If he were any younger or not so confident, it would have been better to have a staff member go with him or I’d have kept him with me.
There is a warm entrance to the lagoon
Upon exiting the locker rooms, turn left and you’ll see a door half-submerged in water. You may push the door open and swim right into the lagoon, without having to walk out in the chilly air.
Don’t drop anything in the water
I gave each child a waterproof camera so they could take their own pictures inside the lagoon. I secured the ties to their wrists, but one of them still managed to drop their camera. Luckily, they noticed immediately and I was able to feel around with my feet and we found it. The water is opaque and there is zero chance of seeing anything that has been dropped. Keep a close eye on those wristbands too! They’re a little large on tiny wrists, but they seemed to fasten securely and we didn’t have any problems.
Serenity is the goal
Hopefully this goes without saying, but visitors are drawn to the Blue Lagoon for its peaceful, restorative quality. Boisterous play and splashing are definitely not welcome, and children are asked to be on their best behaviour.
Fast Facts and What to Bring:
The water comes from deep below the earth and picks up minerals on the way to the surface, which gives it the milky white colour (the blue colour comes from the sky). The temperature is usually between 37°C and 40°C depending on the season. The water is self-cleansing, renewing itself every 40 hours. Do not wear jewelry in the lagoon because the water may damage it.
Wristbands are issued to each member of your party. These are used for locker access and for any purchases while in the lagoon.
Lockers are fairly small, so plan carefully what you’ll bring into the Blue Lagoon with you. The website says children should share lockers with adults, however, their wristbands work to set up their own locker as well.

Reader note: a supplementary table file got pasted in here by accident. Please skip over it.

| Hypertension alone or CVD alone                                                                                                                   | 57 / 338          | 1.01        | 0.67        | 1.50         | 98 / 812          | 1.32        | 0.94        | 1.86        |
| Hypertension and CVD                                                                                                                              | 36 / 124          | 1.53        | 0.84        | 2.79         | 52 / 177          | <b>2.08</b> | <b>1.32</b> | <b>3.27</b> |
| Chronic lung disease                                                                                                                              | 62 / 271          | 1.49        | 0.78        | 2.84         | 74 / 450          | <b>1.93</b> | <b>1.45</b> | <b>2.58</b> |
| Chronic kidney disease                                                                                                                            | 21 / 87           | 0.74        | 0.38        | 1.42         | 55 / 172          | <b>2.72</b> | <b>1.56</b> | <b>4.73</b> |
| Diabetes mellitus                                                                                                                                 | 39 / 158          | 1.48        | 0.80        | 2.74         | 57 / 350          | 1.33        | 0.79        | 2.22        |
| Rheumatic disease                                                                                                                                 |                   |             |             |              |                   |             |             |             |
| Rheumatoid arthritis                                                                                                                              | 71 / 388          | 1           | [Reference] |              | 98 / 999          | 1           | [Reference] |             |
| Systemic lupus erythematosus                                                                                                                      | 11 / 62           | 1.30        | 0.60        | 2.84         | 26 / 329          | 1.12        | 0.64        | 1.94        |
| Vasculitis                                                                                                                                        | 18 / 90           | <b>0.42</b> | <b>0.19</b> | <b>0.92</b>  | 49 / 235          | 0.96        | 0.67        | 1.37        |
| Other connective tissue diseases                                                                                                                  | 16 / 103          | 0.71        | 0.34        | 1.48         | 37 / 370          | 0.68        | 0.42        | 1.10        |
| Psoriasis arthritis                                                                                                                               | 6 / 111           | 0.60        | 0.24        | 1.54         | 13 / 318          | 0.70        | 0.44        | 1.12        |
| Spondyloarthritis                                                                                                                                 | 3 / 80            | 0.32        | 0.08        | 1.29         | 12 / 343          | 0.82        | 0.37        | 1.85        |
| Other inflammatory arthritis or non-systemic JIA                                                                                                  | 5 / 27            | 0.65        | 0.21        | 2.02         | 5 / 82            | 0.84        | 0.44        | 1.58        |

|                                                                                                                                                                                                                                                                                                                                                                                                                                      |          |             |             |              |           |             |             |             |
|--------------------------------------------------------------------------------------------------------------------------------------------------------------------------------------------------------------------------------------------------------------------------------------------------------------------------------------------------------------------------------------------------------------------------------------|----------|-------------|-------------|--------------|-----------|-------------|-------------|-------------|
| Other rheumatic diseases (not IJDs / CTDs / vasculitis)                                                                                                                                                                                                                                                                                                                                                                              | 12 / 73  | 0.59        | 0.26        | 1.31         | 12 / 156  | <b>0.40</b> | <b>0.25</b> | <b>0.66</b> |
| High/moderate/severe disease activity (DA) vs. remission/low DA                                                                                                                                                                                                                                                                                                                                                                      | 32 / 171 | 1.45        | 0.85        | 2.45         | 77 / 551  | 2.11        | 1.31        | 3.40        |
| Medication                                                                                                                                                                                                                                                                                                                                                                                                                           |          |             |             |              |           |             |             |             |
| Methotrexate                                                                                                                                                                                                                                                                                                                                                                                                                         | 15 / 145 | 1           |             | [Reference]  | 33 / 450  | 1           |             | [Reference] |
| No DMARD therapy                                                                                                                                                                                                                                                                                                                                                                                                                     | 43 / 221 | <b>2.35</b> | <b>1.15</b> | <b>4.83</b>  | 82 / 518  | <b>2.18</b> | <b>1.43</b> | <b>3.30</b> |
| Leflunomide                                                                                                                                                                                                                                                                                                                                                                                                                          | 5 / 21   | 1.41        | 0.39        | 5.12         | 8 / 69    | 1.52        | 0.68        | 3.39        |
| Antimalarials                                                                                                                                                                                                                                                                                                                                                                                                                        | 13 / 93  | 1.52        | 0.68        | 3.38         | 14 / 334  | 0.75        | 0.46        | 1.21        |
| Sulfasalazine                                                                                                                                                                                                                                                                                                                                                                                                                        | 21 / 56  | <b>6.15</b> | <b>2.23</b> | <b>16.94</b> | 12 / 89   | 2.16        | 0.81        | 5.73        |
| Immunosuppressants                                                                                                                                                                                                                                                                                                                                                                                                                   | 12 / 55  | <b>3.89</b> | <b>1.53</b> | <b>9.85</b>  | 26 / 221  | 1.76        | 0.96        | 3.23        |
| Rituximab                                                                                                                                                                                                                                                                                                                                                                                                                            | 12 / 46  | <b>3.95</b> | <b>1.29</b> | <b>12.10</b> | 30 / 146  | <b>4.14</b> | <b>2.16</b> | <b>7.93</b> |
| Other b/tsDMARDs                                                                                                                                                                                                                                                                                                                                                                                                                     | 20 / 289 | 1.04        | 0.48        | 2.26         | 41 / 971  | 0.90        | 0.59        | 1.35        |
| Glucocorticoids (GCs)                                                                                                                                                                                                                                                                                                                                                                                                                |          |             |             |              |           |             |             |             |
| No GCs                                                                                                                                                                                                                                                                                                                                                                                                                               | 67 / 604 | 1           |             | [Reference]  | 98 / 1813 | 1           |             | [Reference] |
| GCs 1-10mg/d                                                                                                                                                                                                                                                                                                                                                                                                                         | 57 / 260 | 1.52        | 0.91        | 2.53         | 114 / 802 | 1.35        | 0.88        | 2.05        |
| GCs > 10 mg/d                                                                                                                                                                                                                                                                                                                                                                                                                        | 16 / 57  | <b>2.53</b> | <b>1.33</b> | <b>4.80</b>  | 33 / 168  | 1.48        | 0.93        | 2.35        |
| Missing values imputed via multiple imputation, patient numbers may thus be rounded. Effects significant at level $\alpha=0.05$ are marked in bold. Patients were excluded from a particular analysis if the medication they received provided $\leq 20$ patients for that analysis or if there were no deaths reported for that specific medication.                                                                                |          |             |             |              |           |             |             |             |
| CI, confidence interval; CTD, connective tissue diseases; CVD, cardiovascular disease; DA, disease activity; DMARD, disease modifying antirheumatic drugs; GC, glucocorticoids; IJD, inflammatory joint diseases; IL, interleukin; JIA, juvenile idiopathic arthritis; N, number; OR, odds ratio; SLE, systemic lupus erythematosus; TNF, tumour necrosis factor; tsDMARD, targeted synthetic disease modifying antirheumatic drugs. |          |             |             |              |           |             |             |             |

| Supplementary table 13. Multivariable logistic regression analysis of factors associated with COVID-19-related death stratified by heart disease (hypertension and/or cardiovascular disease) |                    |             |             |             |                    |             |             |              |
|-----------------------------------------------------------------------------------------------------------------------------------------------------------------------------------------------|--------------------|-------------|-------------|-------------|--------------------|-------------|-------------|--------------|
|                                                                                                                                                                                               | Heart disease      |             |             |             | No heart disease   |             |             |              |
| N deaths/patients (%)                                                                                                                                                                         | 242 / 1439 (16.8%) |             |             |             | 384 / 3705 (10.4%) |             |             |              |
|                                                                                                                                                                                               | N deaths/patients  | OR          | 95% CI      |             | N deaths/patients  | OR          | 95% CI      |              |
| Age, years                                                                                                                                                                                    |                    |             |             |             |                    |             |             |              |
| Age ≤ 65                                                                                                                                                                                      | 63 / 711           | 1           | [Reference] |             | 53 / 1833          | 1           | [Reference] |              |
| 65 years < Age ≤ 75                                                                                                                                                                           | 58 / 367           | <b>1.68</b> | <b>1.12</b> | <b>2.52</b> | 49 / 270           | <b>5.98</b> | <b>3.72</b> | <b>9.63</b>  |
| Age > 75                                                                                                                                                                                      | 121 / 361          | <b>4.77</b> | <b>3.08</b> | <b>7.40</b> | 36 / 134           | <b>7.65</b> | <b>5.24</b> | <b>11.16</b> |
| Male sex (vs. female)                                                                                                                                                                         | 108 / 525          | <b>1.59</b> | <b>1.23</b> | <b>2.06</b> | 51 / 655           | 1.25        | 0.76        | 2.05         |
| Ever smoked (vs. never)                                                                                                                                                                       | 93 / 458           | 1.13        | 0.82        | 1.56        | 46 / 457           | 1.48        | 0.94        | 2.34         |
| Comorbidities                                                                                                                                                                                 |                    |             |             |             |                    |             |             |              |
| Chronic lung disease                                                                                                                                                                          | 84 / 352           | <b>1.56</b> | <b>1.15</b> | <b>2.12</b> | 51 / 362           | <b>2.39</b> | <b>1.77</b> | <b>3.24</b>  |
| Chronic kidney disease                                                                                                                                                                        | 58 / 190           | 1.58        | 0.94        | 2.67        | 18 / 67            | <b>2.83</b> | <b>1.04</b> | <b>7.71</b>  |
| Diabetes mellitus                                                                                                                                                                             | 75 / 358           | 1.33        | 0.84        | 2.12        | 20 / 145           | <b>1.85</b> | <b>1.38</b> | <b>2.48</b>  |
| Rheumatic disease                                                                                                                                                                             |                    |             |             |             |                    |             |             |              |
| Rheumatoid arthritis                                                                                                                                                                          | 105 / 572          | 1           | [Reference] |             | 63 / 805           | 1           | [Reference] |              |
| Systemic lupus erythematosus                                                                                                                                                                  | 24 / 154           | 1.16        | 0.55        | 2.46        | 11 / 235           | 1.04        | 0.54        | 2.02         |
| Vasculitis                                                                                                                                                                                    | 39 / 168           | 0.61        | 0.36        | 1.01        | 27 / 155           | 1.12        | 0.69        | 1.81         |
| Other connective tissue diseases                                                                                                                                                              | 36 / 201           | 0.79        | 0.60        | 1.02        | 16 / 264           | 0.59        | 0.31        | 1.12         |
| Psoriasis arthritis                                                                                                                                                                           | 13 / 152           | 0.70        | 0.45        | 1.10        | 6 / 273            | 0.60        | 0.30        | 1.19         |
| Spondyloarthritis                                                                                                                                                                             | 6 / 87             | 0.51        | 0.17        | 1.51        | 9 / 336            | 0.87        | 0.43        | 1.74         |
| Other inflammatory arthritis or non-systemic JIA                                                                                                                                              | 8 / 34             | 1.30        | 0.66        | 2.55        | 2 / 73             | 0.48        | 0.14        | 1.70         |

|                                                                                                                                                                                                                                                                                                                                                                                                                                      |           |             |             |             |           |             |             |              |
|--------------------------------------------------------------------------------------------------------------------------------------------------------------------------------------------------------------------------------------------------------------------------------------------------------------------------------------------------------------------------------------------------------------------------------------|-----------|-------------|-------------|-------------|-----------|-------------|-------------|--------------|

Secure Luggage Storage is available before you check into the Lagoon. The cost is around $5 USD per bag. It’s in a separate building, so check your luggage before entering the facility.
There are three places to eat at the Blue Lagoon:
The Lagoon Bar, which you can access from the pool in your bathing suit. It’s indoors and carries drinks, smoothies and snacks. There is also a swim-up bar in the lagoon itself.
Blue Café, which is near the main entrance. This is a good place to grab a quick bite before you head out.
Lava Restaurant: a full service restaurant with a divine menu. I didn’t splurge on this one because I felt the experience would be lost on the kids, however, it looks amazing.
Getting there is easy by bus or car. Shuttle buses run regularly between the airport and Reykjavik, and there is a free parking lot for drivers. The Blue Lagoon is about a 50 minute drive from Reykjavik, and 20 minutes from the airport.
What to bring:
Waterproof camera or waterproof phone case
Water bottle: dehydration happens quickly in the warm water
Sunglasses to control the glare on sunny days
A warm hat in winter
Now that you know everything you need about Blue Lagoon with kids, what do you think? Is it on your bucket list?